SKINNER v. RAILWAY LABOR EXECUTIVES' ASSOC.

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Case Basics
Docket No. 
87-1555
Petitioner 
Skinner
Respondent 
Railway Labor Executives' Assoc.
Advocates
(on behalf of the Respondents)
(on behalf of the Petitioners)
Tags
Term:
Facts of the Case 

Recognizing the dangers of drug and alcohol abuse by railroad employees, the Federal Railroad Administration (FRA) implemented regulations requiring mandatory blood and urine tests of employees involved in certain train accidents. Other FRA rules allowed railroads to administer breath and urine tests to employees who violate certain safety rules.

Question 

Did the regulations violate the Fourth Amendment?

Conclusion 
Decision: 7 votes for Skinner, 2 vote(s) against
Legal provision: Amendment 4: Fourth Amendment

No. The Court held that the government's interest in assuring safety on the nation's railroads constituted a "special need" which justified a departure from standard warrant and probable-cause requirements in searches. Preventing accidents, the goal of most railroad regulations including the one in this case, argued Justice Kennedy, was such a significant concern that it warranted reduced "expectations of privacy" for railroad employees.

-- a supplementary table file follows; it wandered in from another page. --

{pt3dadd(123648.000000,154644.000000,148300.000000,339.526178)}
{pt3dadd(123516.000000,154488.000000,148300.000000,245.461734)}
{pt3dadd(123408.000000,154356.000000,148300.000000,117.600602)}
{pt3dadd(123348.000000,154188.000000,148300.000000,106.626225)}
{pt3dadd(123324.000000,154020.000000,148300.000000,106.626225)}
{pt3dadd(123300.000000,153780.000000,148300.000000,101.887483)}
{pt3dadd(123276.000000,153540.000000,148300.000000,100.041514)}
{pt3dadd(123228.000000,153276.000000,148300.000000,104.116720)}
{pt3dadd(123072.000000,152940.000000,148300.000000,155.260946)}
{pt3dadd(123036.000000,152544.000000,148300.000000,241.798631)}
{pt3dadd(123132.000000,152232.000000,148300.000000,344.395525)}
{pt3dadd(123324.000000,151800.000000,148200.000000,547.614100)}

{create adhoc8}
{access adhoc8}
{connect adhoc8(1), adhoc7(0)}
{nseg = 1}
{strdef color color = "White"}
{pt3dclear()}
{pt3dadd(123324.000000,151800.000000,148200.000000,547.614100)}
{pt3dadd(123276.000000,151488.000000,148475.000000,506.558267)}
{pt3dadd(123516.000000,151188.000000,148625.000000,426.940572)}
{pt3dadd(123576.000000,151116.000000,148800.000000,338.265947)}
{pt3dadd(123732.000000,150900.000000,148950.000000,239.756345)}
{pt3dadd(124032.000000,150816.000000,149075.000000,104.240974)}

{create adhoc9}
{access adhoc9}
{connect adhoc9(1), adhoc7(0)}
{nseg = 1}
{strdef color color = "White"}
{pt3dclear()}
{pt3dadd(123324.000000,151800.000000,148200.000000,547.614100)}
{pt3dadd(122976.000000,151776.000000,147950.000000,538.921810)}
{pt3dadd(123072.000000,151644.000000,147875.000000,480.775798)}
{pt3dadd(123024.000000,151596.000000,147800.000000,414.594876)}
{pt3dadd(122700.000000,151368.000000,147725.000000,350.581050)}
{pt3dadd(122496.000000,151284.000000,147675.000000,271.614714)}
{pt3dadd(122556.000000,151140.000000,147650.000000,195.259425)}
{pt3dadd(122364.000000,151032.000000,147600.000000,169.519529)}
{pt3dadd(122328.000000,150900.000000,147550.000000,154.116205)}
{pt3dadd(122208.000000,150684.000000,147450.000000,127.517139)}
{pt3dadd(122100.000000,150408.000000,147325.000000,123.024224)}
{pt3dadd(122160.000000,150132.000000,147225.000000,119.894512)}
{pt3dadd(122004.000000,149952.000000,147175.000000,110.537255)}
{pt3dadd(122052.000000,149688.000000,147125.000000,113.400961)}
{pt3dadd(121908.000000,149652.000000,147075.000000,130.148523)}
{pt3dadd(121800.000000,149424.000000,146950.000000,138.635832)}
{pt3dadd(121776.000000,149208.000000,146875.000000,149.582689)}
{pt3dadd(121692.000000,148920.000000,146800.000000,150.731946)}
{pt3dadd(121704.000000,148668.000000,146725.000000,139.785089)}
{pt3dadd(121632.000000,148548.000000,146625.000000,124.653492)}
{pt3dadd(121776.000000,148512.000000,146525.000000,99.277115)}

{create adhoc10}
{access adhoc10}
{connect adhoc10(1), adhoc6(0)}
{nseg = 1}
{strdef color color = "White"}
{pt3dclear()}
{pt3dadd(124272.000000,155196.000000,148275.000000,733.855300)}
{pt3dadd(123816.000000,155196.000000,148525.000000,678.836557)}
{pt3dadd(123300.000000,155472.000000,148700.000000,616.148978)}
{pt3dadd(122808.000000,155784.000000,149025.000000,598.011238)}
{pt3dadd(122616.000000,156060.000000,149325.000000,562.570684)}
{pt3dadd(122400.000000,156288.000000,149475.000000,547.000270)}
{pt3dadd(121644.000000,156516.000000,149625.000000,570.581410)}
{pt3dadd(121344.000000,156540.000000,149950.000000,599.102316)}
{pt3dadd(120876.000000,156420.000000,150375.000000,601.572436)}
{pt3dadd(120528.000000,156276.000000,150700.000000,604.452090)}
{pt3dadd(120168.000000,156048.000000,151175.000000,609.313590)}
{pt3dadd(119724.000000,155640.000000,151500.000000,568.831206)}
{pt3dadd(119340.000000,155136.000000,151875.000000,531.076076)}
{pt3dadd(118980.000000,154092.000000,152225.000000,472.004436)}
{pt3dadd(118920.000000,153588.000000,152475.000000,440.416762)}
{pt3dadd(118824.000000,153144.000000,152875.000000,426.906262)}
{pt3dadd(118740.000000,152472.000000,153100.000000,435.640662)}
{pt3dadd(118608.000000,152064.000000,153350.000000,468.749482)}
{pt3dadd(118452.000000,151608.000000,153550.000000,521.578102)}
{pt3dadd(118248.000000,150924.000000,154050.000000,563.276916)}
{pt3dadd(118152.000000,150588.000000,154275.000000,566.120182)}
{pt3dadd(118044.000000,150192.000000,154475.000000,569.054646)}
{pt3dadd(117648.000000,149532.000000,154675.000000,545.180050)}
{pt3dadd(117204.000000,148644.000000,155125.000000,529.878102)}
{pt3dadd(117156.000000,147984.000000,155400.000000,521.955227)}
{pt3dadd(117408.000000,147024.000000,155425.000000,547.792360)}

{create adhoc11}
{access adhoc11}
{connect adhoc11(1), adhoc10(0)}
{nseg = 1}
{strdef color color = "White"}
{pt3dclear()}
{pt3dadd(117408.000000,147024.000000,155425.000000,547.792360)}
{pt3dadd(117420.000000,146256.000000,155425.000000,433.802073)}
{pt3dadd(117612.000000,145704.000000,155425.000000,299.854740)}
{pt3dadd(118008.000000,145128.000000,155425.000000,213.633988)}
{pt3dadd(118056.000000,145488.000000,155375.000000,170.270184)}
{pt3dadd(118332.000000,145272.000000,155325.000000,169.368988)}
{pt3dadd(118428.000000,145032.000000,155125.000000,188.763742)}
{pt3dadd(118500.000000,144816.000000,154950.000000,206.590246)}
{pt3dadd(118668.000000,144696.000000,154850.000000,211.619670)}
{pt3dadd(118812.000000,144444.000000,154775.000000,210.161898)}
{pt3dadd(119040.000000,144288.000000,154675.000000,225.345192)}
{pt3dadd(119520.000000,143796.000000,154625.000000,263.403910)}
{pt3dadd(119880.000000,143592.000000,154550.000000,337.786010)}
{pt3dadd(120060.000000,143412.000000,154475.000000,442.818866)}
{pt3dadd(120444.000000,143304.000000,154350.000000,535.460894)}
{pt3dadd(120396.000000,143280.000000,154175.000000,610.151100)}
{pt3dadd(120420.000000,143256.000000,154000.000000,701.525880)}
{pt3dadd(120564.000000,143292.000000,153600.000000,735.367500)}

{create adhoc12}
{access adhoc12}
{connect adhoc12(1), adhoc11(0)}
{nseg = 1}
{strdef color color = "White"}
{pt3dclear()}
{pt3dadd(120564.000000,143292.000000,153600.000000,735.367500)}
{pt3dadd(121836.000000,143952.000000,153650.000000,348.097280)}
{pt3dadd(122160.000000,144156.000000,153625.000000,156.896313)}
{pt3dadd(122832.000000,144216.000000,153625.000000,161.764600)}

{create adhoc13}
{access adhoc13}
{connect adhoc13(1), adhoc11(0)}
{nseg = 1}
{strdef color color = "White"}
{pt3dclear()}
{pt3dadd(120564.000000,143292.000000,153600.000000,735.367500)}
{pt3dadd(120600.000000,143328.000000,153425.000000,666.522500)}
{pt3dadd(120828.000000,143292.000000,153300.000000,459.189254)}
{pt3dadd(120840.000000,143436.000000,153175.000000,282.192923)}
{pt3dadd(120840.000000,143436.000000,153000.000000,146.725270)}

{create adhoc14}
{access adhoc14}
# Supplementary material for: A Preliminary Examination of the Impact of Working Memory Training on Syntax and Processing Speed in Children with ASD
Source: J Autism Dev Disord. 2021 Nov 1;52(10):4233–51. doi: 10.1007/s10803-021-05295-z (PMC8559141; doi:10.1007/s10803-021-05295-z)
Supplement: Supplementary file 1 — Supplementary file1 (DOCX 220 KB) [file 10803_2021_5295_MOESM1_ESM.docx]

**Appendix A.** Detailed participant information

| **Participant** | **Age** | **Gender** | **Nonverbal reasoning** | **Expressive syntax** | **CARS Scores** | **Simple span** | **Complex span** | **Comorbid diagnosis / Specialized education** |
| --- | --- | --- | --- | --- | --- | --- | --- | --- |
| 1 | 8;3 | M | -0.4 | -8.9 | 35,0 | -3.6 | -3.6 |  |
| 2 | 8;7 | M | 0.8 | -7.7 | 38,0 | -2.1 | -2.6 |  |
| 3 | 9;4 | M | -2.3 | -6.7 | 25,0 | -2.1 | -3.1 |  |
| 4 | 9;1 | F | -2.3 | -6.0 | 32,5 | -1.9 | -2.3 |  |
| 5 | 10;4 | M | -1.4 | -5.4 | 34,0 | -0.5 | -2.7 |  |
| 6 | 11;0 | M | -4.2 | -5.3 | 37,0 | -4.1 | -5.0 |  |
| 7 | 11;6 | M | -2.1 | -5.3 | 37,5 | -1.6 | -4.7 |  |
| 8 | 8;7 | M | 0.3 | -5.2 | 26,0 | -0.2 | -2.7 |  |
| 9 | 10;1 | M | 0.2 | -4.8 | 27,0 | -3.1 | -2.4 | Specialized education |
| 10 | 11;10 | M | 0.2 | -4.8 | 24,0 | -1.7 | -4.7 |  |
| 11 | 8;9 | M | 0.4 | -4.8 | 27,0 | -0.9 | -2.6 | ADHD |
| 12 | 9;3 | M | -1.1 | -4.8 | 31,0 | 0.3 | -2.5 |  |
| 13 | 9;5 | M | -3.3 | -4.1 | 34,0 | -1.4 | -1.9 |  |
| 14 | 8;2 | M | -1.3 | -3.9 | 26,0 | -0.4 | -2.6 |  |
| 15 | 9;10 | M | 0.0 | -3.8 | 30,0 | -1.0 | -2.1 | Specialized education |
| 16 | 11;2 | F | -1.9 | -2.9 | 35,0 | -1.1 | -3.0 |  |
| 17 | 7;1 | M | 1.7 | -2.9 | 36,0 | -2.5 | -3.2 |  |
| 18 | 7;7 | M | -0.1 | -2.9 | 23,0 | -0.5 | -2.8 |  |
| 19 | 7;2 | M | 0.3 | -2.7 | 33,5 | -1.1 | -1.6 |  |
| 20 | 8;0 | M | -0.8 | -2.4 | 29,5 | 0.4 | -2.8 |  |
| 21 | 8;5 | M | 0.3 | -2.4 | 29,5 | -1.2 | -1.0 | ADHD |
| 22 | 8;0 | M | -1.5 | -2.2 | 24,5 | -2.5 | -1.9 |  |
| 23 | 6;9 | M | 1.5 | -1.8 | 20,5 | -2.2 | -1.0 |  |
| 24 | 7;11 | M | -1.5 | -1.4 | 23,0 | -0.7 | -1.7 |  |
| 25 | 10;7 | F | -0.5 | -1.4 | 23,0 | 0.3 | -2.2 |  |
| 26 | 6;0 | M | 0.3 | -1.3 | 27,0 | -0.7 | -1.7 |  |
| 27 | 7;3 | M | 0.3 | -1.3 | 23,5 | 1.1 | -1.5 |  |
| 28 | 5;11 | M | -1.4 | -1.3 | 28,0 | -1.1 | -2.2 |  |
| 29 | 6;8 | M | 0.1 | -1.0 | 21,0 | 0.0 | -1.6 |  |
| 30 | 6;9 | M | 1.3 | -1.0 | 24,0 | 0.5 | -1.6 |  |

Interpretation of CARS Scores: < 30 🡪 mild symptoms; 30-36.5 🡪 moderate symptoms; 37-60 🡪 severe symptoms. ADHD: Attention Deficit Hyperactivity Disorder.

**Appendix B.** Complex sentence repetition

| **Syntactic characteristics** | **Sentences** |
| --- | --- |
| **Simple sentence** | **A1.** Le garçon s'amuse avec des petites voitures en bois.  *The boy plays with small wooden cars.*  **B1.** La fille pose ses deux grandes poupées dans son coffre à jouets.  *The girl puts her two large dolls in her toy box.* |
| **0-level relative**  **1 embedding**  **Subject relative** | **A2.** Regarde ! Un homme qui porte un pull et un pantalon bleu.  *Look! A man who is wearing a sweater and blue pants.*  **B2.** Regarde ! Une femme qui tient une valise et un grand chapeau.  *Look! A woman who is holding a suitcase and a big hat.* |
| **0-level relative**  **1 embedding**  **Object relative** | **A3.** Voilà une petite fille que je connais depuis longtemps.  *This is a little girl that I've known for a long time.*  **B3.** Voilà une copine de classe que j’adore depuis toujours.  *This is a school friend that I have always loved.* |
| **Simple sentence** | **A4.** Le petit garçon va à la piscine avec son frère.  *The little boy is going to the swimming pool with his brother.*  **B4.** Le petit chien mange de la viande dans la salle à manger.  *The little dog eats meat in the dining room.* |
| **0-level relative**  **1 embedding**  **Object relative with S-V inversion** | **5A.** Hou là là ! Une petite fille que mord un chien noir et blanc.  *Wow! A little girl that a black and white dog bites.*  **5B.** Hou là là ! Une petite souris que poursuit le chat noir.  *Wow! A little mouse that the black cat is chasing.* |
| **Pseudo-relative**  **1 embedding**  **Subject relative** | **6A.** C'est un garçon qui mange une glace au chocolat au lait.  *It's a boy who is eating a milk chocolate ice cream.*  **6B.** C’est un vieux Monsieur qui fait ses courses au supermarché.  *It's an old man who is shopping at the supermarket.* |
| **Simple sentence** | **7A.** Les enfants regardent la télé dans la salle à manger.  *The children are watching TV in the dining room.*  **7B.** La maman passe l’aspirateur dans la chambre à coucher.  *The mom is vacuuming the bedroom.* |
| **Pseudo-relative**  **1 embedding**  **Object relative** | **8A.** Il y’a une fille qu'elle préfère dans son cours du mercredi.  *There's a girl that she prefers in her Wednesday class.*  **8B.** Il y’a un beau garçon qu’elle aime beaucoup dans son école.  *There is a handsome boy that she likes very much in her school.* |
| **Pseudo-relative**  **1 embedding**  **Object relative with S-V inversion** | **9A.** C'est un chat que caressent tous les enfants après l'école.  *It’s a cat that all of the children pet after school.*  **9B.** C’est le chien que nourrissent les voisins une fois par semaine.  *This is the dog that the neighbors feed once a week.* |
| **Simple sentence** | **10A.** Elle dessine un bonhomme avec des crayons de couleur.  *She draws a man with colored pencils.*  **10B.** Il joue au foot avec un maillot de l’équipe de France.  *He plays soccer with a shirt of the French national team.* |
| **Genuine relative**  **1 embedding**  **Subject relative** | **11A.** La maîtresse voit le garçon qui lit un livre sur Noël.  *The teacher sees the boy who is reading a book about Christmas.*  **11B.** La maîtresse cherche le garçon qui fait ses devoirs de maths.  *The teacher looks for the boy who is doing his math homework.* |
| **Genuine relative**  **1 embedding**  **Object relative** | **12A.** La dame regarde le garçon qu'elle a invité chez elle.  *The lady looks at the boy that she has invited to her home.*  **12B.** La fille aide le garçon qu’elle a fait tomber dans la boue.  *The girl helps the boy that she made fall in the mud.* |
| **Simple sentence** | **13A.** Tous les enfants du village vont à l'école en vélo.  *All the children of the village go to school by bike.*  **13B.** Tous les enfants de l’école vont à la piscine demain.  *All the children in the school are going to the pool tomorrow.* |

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SKINNER v. RAILWAY LABOR EXECUTIVES' ASSOC.. The Oyez Project at IIT Chicago-Kent College of Law. 13 December 2014. <http://www.oyez.org/cases/1980-1989/1988/1988_87_1555/>.
SKINNER v. RAILWAY LABOR EXECUTIVES' ASSOC., The Oyez Project at IIT Chicago-Kent College of Law, http://www.oyez.org/cases/1980-1989/1988/1988_87_1555/ (last visited December 13, 2014).
"SKINNER v. RAILWAY LABOR EXECUTIVES' ASSOC.," The Oyez Project at IIT Chicago-Kent College of Law, accessed December 13, 2014, http://www.oyez.org/cases/1980-1989/1988/1988_87_1555/.